Op-Ed: From farms to pharma, how natural gas fuels public health



Natural gas is saving lives and benefiting your health in ways you might never imagine.

It has revolutionized the war against global hunger, driven American research, development and manufacturing, and provided invaluable affordability and reliability that supports our economy. During this National Public Health Week, it’s worth recognizing the foundational role natural gas plays in advancing our health and wellbeing by serving as a source of affordable energy and an indispensable contributor to agricultural and health care innovations and operations.

In the health care sector, more than 271 billion cubic feet of natural gas are used annually. That’s more than the consumption of at least 14 individual states. Without natural gas, health care costs would rise dramatically; the cost to American consumers would be in the tens of billions, according to AGA’s Advancing America’s Healthcare study which discovered that electrifying hospitals would increase operating costs by $16.3 billion from 2026 to 2050, cause a $32.2 billion drop in U.S. gross domestic product and drive a significant loss of employment. More expensive health care and fewer jobs would mean decreased access to care across large swaths of the country.

When it comes to reliability, it’s notable that there isn’t a single all-electric hospital in the United States today. During Hurricane Sandy in 2012, many of New York’s hospitals were forced to shut down when the power failed, plunging 50 million people into a blackout. Montefiore Medical Center was an exception – the hospital’s natural gas combined heat and power generator kept lights on and machines operational, delivering critical life-saving care in the face of the storm.

America’s health care system also depends on natural gas for pharmaceutical needs. According to AGA’s Advancing America’s Pharmaceuticals study, 99% of pharmaceutical feedstocks and reagents are derived from petrochemicals such as natural gas. Beyond pharmaceutical drugs themselves, the 129 billion face masks, 300 billion medical gloves, and 979 vaccine syringes used each year are all made using petrochemicals. Without the affordable energy and irreplaceable feedstocks that natural gas and other petrochemicals provide, Americans would see higher medical costs and less availability of drugs and key medical supplies.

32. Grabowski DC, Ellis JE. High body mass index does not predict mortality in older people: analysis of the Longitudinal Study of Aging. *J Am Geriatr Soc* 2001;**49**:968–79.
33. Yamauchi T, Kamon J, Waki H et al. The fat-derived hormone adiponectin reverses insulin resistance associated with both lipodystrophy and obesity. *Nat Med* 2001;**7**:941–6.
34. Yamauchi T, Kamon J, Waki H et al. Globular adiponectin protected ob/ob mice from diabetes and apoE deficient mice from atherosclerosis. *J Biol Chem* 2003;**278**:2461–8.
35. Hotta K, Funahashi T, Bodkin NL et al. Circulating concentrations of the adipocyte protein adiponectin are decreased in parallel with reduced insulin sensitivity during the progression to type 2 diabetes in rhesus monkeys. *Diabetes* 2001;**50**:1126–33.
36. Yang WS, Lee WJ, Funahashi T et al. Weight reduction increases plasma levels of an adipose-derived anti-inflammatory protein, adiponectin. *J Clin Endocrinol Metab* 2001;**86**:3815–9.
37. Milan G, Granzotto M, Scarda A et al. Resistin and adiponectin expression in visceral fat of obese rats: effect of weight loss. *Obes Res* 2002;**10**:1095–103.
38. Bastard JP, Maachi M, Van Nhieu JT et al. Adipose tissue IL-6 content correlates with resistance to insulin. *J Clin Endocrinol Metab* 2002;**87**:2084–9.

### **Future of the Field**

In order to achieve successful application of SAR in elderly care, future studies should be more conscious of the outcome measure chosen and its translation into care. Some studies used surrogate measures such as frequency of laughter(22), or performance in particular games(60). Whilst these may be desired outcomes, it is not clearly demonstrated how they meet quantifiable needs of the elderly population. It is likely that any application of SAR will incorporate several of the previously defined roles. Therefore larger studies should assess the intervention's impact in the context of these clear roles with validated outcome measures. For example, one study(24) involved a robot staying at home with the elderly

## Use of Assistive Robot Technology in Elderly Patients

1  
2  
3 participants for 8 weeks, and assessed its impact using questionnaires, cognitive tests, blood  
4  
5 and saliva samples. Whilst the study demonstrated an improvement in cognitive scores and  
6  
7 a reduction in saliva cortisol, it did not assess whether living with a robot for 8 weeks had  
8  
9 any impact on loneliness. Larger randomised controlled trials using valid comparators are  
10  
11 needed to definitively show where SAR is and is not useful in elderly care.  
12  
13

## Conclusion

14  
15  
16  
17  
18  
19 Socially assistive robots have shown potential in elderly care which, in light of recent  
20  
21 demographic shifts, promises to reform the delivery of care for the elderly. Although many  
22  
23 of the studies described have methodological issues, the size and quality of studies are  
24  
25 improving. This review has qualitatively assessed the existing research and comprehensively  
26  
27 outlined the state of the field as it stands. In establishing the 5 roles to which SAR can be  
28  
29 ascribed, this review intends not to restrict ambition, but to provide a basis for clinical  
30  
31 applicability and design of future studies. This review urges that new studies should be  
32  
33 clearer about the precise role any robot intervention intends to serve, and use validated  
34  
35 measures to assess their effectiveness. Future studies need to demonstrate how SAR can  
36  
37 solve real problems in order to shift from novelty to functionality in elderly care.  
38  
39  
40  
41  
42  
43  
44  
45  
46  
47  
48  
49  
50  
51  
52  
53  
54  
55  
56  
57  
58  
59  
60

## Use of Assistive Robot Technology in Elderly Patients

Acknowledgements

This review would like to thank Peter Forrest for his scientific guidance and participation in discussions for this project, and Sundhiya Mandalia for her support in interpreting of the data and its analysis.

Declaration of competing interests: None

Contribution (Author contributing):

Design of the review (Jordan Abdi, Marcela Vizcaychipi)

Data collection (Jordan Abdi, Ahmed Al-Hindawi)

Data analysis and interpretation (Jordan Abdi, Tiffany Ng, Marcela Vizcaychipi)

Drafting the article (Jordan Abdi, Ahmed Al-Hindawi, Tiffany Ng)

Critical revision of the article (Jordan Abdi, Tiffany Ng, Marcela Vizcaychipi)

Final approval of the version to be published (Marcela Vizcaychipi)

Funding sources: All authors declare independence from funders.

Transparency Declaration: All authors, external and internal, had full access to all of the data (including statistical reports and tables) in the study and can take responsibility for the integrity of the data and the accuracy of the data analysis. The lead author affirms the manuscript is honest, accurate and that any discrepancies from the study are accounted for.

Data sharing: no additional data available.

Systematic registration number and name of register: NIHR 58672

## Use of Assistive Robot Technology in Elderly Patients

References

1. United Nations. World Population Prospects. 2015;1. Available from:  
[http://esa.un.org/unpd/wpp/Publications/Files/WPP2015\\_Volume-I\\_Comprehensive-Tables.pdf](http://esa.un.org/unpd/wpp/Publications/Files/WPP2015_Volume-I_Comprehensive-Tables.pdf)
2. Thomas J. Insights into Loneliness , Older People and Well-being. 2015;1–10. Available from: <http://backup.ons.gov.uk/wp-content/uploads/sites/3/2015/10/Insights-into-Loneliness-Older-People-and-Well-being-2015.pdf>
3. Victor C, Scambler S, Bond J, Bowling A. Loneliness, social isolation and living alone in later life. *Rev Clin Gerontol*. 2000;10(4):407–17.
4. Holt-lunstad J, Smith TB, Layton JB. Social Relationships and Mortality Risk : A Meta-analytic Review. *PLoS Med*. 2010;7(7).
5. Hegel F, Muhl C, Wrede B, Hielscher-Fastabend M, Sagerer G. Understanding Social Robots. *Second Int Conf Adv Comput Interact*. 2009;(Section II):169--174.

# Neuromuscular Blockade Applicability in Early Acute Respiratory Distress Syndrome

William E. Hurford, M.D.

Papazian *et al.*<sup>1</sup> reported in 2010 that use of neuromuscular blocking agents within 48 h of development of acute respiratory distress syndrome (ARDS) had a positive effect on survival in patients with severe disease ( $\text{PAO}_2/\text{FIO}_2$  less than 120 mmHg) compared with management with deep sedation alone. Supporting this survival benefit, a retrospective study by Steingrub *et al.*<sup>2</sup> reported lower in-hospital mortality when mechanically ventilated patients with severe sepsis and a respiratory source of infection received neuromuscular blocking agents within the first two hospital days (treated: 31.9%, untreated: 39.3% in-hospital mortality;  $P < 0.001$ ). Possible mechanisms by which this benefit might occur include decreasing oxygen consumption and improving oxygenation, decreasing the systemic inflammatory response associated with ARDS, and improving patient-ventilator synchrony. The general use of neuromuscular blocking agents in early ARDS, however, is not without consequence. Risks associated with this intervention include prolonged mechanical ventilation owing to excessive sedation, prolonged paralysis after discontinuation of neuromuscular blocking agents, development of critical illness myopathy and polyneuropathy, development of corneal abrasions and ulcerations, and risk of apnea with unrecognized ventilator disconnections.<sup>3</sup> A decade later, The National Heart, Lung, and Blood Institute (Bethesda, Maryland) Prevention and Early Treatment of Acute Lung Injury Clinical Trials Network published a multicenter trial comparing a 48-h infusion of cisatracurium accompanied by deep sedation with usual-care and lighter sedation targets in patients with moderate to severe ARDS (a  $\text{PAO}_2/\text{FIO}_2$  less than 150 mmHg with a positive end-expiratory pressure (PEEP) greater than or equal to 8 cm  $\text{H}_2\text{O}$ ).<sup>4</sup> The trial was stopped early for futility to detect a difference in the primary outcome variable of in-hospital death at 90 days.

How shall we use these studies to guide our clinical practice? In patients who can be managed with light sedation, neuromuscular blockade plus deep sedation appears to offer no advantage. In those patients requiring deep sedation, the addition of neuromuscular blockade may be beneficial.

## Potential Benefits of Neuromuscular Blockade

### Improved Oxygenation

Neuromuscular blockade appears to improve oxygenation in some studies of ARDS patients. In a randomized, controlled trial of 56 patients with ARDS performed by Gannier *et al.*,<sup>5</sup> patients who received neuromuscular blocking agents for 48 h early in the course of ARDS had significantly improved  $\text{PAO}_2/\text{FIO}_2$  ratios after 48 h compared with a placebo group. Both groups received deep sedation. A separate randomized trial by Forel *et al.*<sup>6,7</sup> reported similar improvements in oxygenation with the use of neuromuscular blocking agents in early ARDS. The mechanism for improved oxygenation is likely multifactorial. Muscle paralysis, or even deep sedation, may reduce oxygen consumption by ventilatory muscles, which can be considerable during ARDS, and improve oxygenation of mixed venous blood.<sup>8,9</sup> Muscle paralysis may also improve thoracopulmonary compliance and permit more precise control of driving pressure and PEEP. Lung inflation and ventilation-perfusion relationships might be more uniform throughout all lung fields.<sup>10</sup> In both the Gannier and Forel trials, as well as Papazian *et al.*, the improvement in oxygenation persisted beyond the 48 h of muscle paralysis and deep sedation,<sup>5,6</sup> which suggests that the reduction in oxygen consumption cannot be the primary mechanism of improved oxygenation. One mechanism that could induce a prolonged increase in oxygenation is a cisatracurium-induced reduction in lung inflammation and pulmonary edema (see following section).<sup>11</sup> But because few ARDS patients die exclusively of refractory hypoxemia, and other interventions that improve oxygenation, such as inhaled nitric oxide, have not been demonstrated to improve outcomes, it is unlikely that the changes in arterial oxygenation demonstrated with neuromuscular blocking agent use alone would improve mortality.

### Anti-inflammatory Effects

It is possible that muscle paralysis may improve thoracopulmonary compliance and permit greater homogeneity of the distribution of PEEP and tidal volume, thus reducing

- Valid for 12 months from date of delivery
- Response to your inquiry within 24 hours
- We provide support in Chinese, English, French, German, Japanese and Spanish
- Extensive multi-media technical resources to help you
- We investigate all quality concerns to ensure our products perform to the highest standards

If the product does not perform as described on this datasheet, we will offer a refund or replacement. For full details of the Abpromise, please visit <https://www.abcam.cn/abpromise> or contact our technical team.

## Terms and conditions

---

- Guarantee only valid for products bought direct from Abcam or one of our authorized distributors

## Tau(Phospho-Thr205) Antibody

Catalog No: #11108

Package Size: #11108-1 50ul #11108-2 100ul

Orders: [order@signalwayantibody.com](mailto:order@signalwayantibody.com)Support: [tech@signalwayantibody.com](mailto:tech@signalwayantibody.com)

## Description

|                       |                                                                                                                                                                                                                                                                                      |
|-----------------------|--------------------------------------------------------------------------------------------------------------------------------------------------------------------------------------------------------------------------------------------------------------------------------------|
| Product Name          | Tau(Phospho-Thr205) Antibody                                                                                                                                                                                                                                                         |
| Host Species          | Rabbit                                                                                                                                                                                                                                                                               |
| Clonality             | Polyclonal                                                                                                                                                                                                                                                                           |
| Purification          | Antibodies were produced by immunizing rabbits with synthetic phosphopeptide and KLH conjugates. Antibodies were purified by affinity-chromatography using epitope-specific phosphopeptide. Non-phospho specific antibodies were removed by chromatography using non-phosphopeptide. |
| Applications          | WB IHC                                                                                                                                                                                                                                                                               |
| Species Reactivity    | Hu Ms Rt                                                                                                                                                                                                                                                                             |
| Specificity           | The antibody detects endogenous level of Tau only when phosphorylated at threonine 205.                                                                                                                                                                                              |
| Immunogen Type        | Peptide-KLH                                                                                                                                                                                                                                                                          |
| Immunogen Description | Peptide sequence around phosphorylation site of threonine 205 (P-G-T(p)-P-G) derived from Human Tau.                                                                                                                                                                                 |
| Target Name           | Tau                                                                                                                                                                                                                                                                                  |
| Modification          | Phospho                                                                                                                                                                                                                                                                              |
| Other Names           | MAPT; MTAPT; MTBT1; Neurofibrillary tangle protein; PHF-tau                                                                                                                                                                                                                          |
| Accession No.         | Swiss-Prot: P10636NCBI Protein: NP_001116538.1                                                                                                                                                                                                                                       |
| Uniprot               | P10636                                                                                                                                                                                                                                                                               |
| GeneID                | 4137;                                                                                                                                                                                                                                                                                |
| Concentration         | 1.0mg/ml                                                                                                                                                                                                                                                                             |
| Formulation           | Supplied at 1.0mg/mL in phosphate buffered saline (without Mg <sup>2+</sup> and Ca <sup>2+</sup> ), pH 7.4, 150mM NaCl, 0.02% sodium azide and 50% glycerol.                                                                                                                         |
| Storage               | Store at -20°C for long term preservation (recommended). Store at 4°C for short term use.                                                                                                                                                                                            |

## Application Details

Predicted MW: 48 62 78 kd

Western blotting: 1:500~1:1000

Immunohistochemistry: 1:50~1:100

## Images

Nutrition, the bedrock of public health, is also inextricably linked to natural gas – and innovation fueled by our energy revolutionized the way we think about hunger worldwide. The discovery of the Haber-Bosch process in the early 1900s enabled the conversion of natural gas to ammonia-based synthetic fertilizers, allowing American corn yields to increase six-fold in the last 70 years. This process of creating fertilizer is fueled by natural gas, with up to 80% of the energy used to produce nitrogen-based fertilizers delivered by natural gas, according to AGA’s Advancing America’s Agriculture study.

Thanks to this technology, we are winning the global war on hunger. Today, fewer than 2.5% of Americans are undernourished, and malnutrition in developing countries has decreased from around 30% in 1970 to 12% in 2015. While supply chain pressures over recent years have impacted progress abroad, America’s strength as a producer of natural gas and its fertilizer biproducts has insulated our families from significant harm.

Even at the very height of the COVID-19 pandemic shortages, American families could still find food on the shelves and meet their basic needs thanks to the resiliency and strength of domestic agriculture.

Even the most basic use of natural gas – reliable and affordable heat in the home – has had a positive and significant impact on public health. According to a 2023 study by the National Institutes of Health, “lower home heating price reduces winter mortality, driven mostly by cardiovascular and respiratory causes. Our estimates imply that the 42% drop in the natural gas price in the late 2000s, mostly driven by the shale gas boom, averted 12,500 deaths per year in the United States.” With the price of heating using natural gas predicted to remain one-half to one-third as much as alternatives such as electricity through at least 2050, natural gas is on track to save hundreds of thousands of American lives over the next three decades and beyond.

There have been multiple proposals at the state and federal levels in recent years that would hurt the public health of Americans by making it hard or impossible to produce, transport, or use natural gas in many locales – both in the home and as critical feedstocks for fertilizers, personal protective equipment, and other products we rely on. Congress, individual states, and American stakeholders can and must act to protect the enormous advantages natural gas provides to our economy and public health by ensuring that policies and regulations do not eliminate this vital resource from the table.

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